Reading through the targets laid down by the World Health Organization (WHO) for the sustainable development of human beings and the planet, one will come across tenets like ending poverty and inequality, ensuring that all people enjoy health, justice, prosperity, etc. These aims are very sound and direct at preserving the species of our planet. But which are necessary and which can wait? And do they all lead to sustainable development? Well, some doubts remain unanswered.
Let us ask a few rudimentary questions | Sustainable development
- What does sustain mean?
- What does sustainable mean?
- What is sustainable development?
- Are these just other words in the dictionary?
These questions seem too uncomplicated to even refer to the thesaurus. Still, upon re-learning, we’ll startle ourselves by realizing the direction we are heading in, first, and secondly, question ourselves over really abiding and interpreting the meanings we learned back in school to the current day. One will also feel confused over knowing how these terms look related but different.
The same set of questions, when asked or applied to the field of architecture, will yield the same aims and queries too. Wherever we see around, we are surrounded by buildings. Various typologies and diverse programs have led to an upsurge in building and construction activities. With buildings being the answer to convenience and need, the rise has left every prediction and forecast way behind to catch up on.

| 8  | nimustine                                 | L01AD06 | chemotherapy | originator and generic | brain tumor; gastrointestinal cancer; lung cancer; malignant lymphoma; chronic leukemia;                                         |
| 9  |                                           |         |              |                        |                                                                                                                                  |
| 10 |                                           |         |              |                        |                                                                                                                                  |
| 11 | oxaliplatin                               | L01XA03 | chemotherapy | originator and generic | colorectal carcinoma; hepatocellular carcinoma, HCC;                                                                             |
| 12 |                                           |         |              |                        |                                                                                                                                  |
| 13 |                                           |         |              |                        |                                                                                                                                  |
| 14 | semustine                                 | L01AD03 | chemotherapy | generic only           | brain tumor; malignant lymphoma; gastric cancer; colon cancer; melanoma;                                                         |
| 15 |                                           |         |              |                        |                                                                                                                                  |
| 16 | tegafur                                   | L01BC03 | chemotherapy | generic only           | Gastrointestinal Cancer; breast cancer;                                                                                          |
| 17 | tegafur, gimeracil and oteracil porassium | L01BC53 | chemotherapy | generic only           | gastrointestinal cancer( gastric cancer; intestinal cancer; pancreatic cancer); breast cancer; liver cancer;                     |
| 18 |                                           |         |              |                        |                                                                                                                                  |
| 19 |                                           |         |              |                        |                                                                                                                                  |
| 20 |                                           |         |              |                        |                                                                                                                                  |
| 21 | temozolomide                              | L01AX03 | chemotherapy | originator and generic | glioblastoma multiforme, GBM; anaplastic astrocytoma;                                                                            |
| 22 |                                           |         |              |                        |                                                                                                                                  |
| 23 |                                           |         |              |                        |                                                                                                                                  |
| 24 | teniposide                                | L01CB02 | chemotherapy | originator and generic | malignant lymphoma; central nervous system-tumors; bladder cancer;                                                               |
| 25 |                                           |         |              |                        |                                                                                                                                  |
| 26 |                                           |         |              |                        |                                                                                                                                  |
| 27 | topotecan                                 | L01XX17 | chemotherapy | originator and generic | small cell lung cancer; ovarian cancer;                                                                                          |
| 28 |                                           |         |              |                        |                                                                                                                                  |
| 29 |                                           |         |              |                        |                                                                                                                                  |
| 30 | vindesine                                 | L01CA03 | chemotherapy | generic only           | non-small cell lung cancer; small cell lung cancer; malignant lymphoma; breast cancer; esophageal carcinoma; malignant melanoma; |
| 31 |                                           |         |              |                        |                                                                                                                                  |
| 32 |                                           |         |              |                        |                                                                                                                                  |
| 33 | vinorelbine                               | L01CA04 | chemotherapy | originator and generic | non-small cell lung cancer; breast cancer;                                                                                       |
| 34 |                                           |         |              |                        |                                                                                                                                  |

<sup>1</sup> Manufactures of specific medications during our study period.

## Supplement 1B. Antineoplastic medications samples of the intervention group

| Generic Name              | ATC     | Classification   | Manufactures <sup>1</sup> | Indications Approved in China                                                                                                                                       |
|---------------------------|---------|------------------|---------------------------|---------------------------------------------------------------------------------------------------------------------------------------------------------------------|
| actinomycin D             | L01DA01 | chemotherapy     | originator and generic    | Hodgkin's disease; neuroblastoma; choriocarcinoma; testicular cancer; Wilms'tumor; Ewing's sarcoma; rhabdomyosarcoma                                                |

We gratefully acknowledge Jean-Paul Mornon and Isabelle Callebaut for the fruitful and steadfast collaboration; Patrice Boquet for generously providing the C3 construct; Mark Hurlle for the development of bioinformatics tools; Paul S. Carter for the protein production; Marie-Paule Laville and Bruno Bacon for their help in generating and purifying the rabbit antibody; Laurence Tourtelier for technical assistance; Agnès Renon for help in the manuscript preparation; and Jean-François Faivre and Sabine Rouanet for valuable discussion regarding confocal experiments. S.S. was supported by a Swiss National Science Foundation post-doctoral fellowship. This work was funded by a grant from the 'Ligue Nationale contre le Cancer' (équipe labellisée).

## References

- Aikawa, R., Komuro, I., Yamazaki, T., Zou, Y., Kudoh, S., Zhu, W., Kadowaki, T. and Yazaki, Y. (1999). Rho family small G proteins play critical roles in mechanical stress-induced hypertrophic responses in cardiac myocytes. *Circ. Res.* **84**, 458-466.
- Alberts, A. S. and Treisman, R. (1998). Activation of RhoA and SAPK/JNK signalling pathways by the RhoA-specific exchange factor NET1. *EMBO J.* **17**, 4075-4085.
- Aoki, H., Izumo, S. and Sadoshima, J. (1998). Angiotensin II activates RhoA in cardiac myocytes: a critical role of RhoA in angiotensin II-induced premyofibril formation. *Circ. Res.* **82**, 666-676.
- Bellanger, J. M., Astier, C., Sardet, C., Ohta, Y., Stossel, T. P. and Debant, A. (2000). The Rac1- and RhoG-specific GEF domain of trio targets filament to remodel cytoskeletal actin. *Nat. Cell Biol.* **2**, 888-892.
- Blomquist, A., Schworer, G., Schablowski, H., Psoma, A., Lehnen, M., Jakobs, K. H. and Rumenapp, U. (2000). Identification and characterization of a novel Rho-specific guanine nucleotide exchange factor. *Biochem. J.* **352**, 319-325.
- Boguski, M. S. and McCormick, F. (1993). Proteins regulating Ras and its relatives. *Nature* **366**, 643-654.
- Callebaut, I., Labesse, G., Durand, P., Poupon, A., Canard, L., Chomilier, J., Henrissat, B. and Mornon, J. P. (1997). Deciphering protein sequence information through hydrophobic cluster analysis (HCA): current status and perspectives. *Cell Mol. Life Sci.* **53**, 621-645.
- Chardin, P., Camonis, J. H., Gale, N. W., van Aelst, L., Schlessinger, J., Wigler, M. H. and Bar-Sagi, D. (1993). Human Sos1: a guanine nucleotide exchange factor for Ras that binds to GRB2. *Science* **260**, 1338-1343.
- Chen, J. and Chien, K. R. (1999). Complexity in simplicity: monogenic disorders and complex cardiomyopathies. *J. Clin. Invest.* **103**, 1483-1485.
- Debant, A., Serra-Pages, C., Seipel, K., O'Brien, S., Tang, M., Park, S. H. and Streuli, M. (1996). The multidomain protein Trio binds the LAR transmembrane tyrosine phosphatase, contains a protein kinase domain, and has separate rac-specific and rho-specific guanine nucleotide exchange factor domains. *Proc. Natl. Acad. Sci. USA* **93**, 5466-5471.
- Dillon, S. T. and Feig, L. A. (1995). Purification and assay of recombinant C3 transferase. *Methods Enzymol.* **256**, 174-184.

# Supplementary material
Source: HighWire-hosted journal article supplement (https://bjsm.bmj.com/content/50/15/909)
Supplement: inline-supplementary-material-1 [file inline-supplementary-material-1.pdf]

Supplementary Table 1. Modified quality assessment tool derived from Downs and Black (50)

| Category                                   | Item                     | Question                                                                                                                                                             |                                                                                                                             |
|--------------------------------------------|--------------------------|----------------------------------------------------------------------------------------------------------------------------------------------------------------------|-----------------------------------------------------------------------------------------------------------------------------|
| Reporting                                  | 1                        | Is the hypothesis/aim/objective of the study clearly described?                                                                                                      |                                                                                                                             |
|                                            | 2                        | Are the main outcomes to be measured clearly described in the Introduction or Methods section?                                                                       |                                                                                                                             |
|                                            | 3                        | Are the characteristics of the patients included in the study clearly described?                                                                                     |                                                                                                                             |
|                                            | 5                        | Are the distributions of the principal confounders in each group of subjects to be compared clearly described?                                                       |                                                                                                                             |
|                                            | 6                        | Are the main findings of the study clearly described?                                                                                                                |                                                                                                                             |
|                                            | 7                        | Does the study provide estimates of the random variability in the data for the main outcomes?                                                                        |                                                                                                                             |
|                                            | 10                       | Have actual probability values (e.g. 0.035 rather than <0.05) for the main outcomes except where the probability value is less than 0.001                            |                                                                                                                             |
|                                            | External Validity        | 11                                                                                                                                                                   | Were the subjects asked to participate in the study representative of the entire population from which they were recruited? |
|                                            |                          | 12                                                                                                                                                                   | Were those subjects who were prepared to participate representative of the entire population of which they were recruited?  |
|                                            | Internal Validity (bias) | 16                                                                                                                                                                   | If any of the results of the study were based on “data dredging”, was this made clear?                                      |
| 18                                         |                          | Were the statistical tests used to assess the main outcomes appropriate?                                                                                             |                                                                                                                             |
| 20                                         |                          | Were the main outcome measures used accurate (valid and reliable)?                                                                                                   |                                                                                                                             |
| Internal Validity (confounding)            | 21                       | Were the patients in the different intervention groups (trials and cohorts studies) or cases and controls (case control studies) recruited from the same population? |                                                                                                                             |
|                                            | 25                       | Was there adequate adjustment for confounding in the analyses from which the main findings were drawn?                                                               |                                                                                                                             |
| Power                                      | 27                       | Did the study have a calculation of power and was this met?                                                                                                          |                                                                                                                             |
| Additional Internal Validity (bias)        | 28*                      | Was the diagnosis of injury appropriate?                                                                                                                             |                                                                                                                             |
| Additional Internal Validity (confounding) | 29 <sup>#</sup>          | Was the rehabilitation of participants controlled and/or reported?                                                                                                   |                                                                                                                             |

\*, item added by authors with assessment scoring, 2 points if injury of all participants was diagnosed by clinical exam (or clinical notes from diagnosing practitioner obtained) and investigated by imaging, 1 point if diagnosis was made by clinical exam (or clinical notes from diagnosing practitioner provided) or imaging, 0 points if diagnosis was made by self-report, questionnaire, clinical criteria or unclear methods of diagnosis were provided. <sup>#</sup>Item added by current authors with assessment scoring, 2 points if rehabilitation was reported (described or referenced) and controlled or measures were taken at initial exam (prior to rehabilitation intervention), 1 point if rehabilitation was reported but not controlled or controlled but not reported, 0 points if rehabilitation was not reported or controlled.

In architecture, the term sustainable development is highly talked about. Architects, planners, real estate developers, and all those related to the field have, at least once, come across the term. The ones who understand it, produce prototypes that go a long way in preserving values more than resources. However, there are a lot of efforts to be taken. There is a separate section of these people who are not bothered by the term but only care about profits.
When something is going to be built, many processes take place to produce the final model. From the execution to the finalization, so many operations transpire. In terms of carbon footprint, the rate of emissions at each stage is so massive that we’d be lying to ourselves if we said we were taking care of our ecosystem. But to be honest, this looks like it is the only way to move forward and is inevitable, unless a new invention materializes. But what matters is when the structure is being thought of, are the users being considered well, and whether they are being made a part of the design process. Is the longevity of the structure thought of? Is there enough emphasis on the use of natural light and ventilation? Will the system mix up well with its surroundings, and are the materials being used safely for the people, especially the workers? Is there enough research behind the impact on the end users and their well-being, and many more questions leading to sustainable development?
Respecting the setting and context, digging into materials available locally, and finding ways to implement them in projects is more of a subconscious approach that needs to be formed. We have read hundreds of articles, watched thousands of videos, and attended conferences for sustainable developments and climate action plans to protect our globe. This has been happening for decades, and we’ll keep reading, watching, and attending more in the coming years. Our visions are still blurred, yet finding ripostes to the insults we have drubbed on ourselves.